By the time E Zubao went sour, investors had lost an estimated $1.2 billion in P2P lending platforms—most of which were fraudulent—largely since early last year. That’s according to an October report by online financing firm Creditease, which backs Yirendai, the first Chinese online P2P platform listed overseas.
MMM social financial network—beyond calculation
Founded by fraudster Sergey Mavrodi, the notorious MMM social financial network cheated millions of Russians out of their savings in the 1990s. It’s had a rebirth in China and elsewhere.
Bearing the elements of a typical pyramid scheme, MMM promises investors 30% monthly interest (paywall), with bonuses for referrals, and for posting glowing testimonials on its website.
As MMM China requires new participants to buy bitcoins to join, in a recent 30-day stretch it sparked a surge (paywall) of more than 100% in the currency’s price. It’s also inspired many Chinese knockoffs claiming to be “helping each other” online financial platforms.
Money involved in the Chinese version of the scheme is not accountable at the moment—and might never be.
Zhuoda Group—about $1.6 billion
Zhuoda Group, a fast-growing property developer that claims it can build 3D-printed houses, has raised about 10 billion yuan ($1.6 billion) from over 400,000 Chinese investors by selling financial products that guarantee annual returns as high as 30%. But its financial products don’t have any underlying assets to support those returns, according to the digital publication Watching (partly owned by Alibaba), and the company claims overseas deals with nonexistent parties. The local Hebei provincial government has launched investigations into Zhuoda’s fundraising in response to Watching’s reports, but has not yet revealed its findings.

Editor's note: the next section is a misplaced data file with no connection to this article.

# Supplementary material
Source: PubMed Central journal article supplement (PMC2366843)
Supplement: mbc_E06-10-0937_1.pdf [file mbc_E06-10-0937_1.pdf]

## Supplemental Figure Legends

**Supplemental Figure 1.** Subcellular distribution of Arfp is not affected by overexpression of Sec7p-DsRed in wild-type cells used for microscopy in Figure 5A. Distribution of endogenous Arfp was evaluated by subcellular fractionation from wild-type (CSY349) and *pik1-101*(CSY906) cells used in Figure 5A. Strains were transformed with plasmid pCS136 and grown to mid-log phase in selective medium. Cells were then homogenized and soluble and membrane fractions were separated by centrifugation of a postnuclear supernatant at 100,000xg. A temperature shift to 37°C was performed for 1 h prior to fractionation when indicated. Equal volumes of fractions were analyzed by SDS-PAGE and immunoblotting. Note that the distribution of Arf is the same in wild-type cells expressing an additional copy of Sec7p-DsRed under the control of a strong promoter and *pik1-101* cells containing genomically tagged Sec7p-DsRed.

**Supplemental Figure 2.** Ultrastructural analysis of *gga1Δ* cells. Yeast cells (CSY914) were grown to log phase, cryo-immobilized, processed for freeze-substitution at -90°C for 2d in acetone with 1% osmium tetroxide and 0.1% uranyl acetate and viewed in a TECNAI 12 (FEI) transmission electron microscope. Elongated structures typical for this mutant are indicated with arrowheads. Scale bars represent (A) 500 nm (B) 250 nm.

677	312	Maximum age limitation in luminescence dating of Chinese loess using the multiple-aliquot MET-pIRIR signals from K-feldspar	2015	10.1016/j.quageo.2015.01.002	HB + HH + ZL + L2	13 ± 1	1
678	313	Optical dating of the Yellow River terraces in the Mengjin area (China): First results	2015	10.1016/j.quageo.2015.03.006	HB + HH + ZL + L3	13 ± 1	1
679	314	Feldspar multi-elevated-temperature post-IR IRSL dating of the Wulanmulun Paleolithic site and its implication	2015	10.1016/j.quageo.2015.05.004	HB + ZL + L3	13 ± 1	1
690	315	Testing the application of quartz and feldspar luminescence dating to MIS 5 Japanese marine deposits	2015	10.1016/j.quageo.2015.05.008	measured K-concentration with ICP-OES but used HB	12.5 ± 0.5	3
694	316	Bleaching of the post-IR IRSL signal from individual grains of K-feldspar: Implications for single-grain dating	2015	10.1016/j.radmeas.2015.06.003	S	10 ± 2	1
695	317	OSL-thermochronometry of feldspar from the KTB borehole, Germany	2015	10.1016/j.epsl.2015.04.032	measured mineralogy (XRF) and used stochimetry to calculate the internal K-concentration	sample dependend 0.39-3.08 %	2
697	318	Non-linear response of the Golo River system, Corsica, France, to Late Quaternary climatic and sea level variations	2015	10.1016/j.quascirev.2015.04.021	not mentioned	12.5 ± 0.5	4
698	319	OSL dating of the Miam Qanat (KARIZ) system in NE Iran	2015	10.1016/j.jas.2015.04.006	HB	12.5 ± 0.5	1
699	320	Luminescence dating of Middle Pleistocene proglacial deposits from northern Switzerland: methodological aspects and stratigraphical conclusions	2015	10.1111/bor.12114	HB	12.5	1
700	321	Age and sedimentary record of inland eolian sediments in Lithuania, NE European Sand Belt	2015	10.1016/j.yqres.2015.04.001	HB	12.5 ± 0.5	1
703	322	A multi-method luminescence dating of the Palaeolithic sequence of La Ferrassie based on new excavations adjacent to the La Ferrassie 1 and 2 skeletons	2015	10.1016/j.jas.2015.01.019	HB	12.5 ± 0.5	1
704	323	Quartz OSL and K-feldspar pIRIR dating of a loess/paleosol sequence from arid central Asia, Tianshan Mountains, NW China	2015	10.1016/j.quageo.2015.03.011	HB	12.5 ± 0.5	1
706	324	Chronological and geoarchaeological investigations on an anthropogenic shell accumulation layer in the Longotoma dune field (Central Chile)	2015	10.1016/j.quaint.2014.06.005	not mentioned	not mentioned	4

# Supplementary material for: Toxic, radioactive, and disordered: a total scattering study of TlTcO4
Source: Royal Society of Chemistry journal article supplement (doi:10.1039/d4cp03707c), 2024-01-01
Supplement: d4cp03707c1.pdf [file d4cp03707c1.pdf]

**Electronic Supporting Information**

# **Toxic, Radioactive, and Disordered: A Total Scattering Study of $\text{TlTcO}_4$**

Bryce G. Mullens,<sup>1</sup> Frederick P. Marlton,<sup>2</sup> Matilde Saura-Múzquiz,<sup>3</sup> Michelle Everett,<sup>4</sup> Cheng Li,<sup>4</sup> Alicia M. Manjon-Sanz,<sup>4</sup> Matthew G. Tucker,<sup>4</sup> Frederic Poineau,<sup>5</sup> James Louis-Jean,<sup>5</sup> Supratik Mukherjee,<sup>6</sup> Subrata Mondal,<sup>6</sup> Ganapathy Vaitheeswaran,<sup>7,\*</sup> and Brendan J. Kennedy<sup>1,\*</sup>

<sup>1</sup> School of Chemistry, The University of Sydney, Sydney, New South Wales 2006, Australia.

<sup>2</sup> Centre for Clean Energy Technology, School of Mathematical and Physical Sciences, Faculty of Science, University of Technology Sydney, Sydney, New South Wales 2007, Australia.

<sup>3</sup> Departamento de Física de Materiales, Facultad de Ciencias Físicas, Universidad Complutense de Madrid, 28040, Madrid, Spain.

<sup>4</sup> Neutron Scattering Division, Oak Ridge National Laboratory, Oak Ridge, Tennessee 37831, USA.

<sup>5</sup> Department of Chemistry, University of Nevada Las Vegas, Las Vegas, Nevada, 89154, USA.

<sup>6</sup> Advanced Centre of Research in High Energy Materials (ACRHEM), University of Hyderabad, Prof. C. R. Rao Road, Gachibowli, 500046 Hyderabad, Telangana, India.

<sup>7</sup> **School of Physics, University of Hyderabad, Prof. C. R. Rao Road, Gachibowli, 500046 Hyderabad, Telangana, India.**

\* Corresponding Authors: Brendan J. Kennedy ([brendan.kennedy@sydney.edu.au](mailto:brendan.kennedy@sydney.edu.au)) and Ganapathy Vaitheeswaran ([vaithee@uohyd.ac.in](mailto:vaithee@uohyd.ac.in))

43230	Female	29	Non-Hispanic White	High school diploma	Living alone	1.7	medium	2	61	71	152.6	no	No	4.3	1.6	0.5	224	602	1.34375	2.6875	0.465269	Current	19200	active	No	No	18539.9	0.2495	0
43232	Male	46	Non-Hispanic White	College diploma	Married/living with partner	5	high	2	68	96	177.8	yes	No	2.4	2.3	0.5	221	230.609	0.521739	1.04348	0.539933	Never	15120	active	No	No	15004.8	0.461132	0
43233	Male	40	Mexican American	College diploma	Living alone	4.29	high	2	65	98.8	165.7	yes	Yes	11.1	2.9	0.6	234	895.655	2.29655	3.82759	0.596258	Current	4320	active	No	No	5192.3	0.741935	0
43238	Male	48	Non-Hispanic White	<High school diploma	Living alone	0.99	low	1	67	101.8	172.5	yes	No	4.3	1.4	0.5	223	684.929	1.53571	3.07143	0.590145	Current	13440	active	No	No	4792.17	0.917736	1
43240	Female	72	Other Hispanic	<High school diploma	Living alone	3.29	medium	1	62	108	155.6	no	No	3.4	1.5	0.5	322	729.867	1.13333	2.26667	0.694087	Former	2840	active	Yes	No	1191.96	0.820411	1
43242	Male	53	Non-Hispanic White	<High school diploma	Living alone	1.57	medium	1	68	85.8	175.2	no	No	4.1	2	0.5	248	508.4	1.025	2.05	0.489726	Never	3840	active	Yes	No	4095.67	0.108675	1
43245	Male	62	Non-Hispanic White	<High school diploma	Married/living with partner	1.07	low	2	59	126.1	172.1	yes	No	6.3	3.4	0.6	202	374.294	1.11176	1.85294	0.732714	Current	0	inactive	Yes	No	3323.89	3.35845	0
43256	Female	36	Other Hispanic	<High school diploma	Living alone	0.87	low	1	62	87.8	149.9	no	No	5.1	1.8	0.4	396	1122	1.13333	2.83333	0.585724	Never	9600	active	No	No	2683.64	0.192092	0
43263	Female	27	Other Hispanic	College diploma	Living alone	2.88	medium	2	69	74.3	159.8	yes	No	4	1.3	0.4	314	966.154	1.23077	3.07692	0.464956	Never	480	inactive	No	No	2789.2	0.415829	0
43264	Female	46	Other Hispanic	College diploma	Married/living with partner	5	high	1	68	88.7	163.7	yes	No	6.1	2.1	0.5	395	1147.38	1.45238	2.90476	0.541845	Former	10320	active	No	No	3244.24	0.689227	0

GSM Financial Group—about $6.2 billion
GSM Financial Group markets itself as a foreign exchange agency licensed by the Australian Securities and Investments Commission, with offices around the world. It appears to be a typical pyramid scheme.
Investors—with a minimum investment of $2,000—are guaranteed a monthly return of 8% in 18 months, and another 8% commission from the “downlines” they develop, reported the Guangzhou-based paper Yangcheng Evening News in April (link in Chinese). GSM has bilked an estimated 40 billion yuan ($6.2 billion) from investors across the country since it began appearing at financial expos in April 2014. The police launched an investigation into GSM a year later.
The operation cannot be found at the Shenzhen address it used to register with the State Administration for Industry and Commerce (link in Chinese).
Why do Chinese investors keep falling for it?
Amid the country’s slowest growth in over a decade, Chinese investors—including the world’s now-biggest middle class—are looking for places to put their money besides low-interest banks, the volatile stock market, or the collapsing property market. This is often a starting point when dissecting the reasons why so many Chinese fall for schemes.